Trucks

Maybe Ram Trucks Aren’t Catching up to Ford as Fast as We Thought

The battle for sales among the ‘Big Three’ trucks continues this year, even though it seems that Ford might be winning the war. Earlier this year we watched Ram rumble past the Chevrolet Silverado on its way to chasing down the Ford F-Series. But is Ram closing the gap as rapidly on Ford as it did on Chevrolet? Perhaps not, as recent truck sales numbers provide a few, but not all, clues.

A Ram 1500 pickup truck on display at an auto show.
2019 Ram 1500 Laramie pickup truck is unveiled during the 2018 North American International Auto Show | Daniel Acker/Bloomberg via Getty Images

Inside Ram’s sale numbers

The year 2019 started off with the F-Series in a leading position with 70,596 trucks sold in January. Chevy sold 37,603 Silverados, and Ram sold 34,889 of its pickups. The remainder of the first quarter showed Ram to be inching ahead of Chevy, while Ford held its first-place position. 

F-Series sales remained strong in the second quarter with May being an especially good month with 87,670 trucks sold. Ram pickup sales also performed very well that month selling 62,250 units, 13,144 more than April. Ram almost closed the sales gap in June with 68,098 trucks sold, compared to Ford’s 70,136. 

But that was as close as Ram was able to get in catching up to Ford in truck sales this year. The third quarter revealed that Ram not only fell far behind the Blue Oval but also barely stayed ahead of Chevy.

August was a peak month for truck sales with a total of 301,348 sold and highlighted these changes. Buyers went home with 78,907 F-Series trucks, 59,550 Ram pickups, and 57,283 Silverados.

September sales numbers were disappointing for Ram as it sold 15,900 fewer trucks than Ford, with 48,916 and 64,816 units respectively. 

Reasons why Ram still can’t quite catch Ford

It should be no surprise that Ford has had a solid grip on the U.S. truck market for 42 years. For example, the manufacturer sold over 900,000 F-Series trucks in 2018. The longevity of the F-Series as the country’s best-selling full-size pickup has been challenged by Ram’s more recent inroads, however.

With hopes to make a dent in Ford’s dominance, Ram has released the new Ram 1500 and also offered last year’s version, the Ram 1500 Classic. This strategy has worked relatively well for Ram, resulting in a 13.8% increase in sales from Q3 2018 to Q3 2019. But it still hasn’t managed to outstrip Ford in truck sales this year.

Pricing is one aspect where Ford maintains its edge, at least at the lower trim levels. Buyers can get a base-model F-150 XL for $28,155. The base trim Ram Tradesman costs $3,500 more.

At the high end of the trucks’ trim level, buyers will pay more for the F-Series with an F-150 Limited starting at $67,135. On the other hand, the equally luxurious Ram 1500 Limited, the top trim level for the truck, starts at $55,485.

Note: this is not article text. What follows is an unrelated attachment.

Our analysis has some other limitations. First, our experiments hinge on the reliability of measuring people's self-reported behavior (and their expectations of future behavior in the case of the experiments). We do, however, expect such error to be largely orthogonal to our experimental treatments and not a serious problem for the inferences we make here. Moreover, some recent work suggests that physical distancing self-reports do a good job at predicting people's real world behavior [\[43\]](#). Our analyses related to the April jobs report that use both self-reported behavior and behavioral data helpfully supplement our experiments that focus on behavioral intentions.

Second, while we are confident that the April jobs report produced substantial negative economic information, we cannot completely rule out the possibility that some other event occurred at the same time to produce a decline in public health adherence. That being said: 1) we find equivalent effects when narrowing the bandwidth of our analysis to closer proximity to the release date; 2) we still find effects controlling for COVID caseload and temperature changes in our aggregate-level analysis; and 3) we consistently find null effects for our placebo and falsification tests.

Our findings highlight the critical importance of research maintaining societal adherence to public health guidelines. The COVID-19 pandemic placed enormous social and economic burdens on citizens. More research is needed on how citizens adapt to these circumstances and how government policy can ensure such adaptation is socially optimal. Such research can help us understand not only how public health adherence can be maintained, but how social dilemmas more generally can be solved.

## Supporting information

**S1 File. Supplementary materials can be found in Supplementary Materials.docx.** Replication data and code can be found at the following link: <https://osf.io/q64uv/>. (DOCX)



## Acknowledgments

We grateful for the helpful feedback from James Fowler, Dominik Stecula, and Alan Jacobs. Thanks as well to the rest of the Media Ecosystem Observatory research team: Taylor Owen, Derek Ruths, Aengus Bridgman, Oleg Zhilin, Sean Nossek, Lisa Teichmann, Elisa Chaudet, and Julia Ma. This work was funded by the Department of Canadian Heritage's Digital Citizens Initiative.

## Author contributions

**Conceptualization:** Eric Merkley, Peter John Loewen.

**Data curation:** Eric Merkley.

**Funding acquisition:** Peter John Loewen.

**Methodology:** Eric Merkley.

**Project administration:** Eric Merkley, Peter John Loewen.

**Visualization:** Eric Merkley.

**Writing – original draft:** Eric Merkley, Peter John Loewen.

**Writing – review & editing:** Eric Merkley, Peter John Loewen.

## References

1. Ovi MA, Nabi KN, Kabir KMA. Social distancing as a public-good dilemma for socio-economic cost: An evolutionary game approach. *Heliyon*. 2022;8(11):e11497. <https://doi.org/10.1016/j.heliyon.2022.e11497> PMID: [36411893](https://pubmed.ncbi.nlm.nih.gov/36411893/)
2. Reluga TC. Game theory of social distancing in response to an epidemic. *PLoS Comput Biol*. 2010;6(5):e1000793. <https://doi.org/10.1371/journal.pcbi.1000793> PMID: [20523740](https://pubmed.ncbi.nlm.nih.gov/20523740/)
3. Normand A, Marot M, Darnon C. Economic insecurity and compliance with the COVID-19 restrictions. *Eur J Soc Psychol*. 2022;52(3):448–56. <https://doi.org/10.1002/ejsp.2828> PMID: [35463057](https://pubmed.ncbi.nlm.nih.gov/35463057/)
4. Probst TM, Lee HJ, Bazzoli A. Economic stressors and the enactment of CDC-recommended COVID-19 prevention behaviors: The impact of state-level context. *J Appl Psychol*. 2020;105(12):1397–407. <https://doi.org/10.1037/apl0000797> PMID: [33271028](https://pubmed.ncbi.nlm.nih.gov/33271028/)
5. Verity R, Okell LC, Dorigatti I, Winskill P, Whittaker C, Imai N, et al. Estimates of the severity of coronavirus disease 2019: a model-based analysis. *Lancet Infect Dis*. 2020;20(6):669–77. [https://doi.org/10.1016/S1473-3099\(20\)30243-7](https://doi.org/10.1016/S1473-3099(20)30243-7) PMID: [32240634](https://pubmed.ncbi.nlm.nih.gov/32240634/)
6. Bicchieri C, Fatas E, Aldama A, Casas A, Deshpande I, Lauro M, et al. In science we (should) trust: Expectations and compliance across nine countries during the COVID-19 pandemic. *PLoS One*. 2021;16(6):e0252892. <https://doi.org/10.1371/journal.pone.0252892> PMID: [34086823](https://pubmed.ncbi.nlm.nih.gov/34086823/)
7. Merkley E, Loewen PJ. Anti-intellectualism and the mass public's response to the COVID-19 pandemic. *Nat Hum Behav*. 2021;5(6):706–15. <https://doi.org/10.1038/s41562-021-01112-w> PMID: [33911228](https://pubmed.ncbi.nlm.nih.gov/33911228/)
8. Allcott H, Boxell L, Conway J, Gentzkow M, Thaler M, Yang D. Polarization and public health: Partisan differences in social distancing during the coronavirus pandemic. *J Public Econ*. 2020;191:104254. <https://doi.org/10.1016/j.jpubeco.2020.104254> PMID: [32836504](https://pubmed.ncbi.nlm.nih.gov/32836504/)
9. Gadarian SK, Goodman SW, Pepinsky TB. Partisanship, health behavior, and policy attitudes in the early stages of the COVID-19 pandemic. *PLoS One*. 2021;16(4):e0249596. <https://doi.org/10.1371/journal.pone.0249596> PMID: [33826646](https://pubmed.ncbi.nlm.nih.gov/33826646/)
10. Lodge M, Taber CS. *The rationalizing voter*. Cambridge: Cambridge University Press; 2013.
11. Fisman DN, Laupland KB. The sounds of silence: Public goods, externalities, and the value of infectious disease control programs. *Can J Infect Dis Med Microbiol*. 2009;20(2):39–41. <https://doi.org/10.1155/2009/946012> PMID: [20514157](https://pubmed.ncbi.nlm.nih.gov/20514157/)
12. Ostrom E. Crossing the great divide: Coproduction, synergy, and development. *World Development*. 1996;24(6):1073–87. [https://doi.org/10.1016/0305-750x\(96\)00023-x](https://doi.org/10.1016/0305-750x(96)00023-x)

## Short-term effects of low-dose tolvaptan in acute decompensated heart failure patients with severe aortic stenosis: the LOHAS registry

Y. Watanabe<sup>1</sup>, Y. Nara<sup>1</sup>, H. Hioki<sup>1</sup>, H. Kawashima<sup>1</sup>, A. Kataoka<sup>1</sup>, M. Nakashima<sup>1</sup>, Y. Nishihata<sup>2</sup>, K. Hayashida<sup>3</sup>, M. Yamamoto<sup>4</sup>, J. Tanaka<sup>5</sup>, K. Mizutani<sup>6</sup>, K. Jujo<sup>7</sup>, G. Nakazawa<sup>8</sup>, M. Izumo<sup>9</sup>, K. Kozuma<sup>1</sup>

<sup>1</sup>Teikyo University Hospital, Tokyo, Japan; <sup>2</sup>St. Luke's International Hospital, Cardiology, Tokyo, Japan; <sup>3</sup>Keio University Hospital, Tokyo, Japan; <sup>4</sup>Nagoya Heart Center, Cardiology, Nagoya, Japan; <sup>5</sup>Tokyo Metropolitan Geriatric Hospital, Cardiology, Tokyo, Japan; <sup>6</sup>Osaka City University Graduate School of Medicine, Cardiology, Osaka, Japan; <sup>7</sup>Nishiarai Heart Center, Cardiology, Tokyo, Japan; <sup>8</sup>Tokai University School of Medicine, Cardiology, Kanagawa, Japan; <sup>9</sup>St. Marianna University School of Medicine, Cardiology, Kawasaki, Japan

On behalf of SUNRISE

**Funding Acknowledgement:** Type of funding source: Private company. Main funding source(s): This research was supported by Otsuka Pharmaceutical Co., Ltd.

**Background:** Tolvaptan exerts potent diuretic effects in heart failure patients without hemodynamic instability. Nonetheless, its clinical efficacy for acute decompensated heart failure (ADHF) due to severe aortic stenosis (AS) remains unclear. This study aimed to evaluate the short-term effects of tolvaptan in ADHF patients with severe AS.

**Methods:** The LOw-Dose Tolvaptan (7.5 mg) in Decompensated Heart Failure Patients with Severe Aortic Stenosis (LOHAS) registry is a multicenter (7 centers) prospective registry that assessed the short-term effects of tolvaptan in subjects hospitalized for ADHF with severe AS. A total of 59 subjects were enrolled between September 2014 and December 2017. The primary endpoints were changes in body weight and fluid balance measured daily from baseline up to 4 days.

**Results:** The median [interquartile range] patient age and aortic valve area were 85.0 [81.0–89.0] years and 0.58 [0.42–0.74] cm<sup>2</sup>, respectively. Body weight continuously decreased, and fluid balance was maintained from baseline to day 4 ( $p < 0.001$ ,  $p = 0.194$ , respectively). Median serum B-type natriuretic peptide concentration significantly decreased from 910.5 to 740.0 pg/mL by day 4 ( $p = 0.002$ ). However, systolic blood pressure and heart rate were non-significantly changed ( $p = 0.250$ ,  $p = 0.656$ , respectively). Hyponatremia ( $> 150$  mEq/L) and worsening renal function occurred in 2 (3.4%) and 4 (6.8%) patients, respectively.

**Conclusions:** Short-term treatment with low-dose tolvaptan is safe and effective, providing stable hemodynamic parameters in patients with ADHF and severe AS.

Ford has also offered some aggressive incentives across its lineup this year, which has been a big draw for buyers in general. For example, it offered discounts of $1,000 for a Super Duty in May and up to $6,500 for the F-150 in August.

It’s possible that these discounts account for the upticks in F-Series sales during these months. For its part, Ram has offered 0% financing over 36 months and a May cashback deal that gives buyers up to $3,500 back for the Tradesman and up to $5,000 for the mid-level Big Horn or Lone Star trim.

The F-Series’ seven trim levels over Ram’s six may be a plus for Ford. But the broad range of choices among Ford’s seven truck engine options may have even greater buyer appeal, while Ram has only three. Having such a variety of selections for buyers with specific needs and wants could give Ford an edge over Ram.

Ford also seems to have got the message that trucks continue to make up more and more of an automaker’s sales. By 2021, it will have jettisoned production of all of its passenger cars to focus on the truck and SUVs segments. As it stands, the F-Series accounted for 38.8% of all Ford sales in Q3, up from 38% in Q1.

With the recent introduction of a new class-exclusive light-duty diesel truck that is available at the XLT level, the manufacturer continues to keep the bar high for its competitors. It’s likely that Ram and GM will follow suit with its own version of a light-duty diesel.

Ford has a new 2020 Super Duty coming out with a 7.3-liter gas V8 engine. It has re-engineered its Power Stroke diesel that seems at least as impressive as the Ram’s updated Cummins. It also will launch a next-generation F-150, as well as a hybrid F-150, for the 2021 model year. 

So, in the near term, it looks as if the folks at Ram will have to rustle up a game-changer or two to catch up with Ford.